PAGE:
Lee University's faculty and staff Cultural Diversity Committee will host a series of events beginning Jan. 22, commemorating the work, theology, and philosophy of Dr. Martin Luther King, Jr. The events will consist of lectures, MLK-themed chapel services, film showings, and multiple panels.
“These events are an invitation for the Lee and Cleveland community to more deeply understand the interconnectedness between racial justice and the central tenets of the Christian faith,” said Dr. Mary McCampbell, associate professor of humanities at Lee. “Dr. King reminded us that ‘injustice anywhere is a threat to justice everywhere,’ so as brothers and sisters in Christ, we must be willing to ‘mourn with those who mourn’ and carry one another’s burdens in the name of Christ.”
During MLK week, the Conn Center chapel services will focus on racial justice issues. On Tuesday, Jan. 22, Lee University Campus Pastor Rob Fultz and Reverend Harold Bare from Covenant Church in Charlottesville, Virginia, will speak. On Thursday, Jan. 24, Reverend Kevin Smith of New City Fellowship in Chattanooga will speak on the biblical imperatives of racial reconciliation.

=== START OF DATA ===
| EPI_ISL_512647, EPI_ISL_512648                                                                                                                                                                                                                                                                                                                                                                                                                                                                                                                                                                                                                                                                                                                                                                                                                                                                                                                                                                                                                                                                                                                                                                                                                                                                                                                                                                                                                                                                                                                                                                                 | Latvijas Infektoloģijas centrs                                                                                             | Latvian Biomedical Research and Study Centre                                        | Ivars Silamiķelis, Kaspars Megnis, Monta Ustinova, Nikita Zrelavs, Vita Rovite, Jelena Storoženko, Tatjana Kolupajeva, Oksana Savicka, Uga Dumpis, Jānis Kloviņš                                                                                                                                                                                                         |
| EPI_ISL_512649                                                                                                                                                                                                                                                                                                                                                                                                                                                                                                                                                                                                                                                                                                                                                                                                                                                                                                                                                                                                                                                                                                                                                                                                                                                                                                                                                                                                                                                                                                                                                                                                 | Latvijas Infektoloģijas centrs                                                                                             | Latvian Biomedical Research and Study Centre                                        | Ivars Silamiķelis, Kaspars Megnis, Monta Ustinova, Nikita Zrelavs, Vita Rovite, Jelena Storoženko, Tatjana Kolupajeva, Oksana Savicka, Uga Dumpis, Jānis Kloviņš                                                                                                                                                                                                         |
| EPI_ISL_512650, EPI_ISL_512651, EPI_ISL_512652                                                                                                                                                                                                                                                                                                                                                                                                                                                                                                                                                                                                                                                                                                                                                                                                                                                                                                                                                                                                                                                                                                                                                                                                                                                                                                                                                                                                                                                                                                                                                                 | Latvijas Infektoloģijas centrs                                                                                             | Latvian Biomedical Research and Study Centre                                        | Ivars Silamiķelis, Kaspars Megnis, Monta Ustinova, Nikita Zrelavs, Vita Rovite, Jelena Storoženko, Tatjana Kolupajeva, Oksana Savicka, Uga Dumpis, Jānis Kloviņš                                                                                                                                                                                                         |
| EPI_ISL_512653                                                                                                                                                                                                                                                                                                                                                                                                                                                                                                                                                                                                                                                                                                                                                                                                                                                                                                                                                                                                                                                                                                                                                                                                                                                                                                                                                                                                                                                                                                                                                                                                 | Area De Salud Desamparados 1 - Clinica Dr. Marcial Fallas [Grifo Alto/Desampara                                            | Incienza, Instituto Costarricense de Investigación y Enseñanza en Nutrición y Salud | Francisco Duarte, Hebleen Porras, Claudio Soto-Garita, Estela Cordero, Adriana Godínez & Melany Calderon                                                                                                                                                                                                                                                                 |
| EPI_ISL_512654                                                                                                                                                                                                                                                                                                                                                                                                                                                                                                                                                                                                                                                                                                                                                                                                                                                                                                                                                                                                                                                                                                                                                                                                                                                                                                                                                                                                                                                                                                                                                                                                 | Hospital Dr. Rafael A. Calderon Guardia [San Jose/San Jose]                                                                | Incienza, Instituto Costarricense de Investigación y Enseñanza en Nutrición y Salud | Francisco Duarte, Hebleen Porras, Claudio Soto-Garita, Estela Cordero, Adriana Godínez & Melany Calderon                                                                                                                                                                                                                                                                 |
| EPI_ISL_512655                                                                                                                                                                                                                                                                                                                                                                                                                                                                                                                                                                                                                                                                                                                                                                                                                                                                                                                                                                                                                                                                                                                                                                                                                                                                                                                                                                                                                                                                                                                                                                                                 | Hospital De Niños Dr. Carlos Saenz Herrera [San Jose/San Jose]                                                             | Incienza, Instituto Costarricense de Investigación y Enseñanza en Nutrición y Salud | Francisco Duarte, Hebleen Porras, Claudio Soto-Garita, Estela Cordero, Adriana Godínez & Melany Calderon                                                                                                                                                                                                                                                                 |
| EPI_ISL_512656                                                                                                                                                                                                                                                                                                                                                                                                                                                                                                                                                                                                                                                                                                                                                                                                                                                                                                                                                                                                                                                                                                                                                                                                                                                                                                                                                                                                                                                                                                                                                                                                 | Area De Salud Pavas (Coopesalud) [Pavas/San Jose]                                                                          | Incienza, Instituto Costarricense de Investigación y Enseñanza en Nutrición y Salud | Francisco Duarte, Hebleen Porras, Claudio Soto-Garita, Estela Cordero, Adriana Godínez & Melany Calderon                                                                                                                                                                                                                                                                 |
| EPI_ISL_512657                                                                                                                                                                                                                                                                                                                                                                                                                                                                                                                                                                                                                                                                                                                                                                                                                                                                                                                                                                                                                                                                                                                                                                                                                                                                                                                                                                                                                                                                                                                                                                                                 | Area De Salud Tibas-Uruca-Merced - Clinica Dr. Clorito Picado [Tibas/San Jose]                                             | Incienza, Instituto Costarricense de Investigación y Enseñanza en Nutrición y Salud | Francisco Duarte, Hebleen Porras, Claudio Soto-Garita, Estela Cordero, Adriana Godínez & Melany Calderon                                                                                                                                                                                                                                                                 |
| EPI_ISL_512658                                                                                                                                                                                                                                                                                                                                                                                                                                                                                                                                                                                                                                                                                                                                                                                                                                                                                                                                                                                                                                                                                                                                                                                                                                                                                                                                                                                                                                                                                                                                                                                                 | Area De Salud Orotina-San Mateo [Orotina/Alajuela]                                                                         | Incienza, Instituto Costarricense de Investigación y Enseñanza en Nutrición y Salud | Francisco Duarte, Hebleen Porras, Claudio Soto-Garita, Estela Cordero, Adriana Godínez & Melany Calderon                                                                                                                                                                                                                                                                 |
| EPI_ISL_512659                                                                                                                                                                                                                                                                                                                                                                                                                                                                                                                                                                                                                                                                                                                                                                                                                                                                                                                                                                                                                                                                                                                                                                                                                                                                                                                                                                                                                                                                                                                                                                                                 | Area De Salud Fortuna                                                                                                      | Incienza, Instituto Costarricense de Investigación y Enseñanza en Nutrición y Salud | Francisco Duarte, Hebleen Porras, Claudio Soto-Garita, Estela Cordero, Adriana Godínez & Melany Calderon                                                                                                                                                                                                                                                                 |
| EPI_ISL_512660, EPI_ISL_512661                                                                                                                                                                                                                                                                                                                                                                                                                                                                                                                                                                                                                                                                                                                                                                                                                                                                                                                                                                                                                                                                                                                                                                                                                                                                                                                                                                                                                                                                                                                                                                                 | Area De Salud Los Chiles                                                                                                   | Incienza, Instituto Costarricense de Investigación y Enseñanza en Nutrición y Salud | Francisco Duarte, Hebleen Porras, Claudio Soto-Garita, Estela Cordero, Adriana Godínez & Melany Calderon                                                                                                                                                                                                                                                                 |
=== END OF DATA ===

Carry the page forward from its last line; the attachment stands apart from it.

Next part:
A panel discussion, “The Hidden Burden of Racial Trauma,” will be held on Tuesday, Jan. 22, at 7 p.m. in the Johnson Lecture Hall, located in the Humanities Center. The panel will focus on the ways in which the traumatic events of American history are still affecting the collective and individual psyches of Americans of all races. Donivan Brown, co-director of the “Office of Truth, Lament, and Repair” for The Mission Chattanooga will act as panel facilitator. He makes the argument that all Americans have inherited the impact of unjust actions and systems in our nation’s history and that these traumas look different along racial lines.
Additional panel participants include Dr. Heather Dryden, trauma therapist; Nesha Evans, academic administrator at Chattanooga State; Dr. Kirstee Williams, therapist and associate professor of psychology at Lee; Rachel Tolliver, psychiatric nurse and lecturer in nursing at Lee; and Dr. Ludine Pierre, trauma therapist.
Events to honor MLK’s spiritual and academic legacy will continue throughout the semester. On Feb. 26, a lecture, “Looking Justly: Race, Gender, and Photography,” will be given by Dr. Elissa Weichbrodt, assistant professor of art at Covenant College.
On March 18, there will be a lecture and discussion over the history and impact of confederate monuments and the confederate flag. Dr. Andrew Bledsoe, assistant professor of history at Lee, and Indyasia Fowler, a graduate of Lee, will lead the discussion.
Several film showings and discussions, as well as a panel discussion on racial reconciliation, will also take place later this spring.
All events are free and open to the public.
For more information, contact Dr. McCampbell at 614-8353 or email@example.com.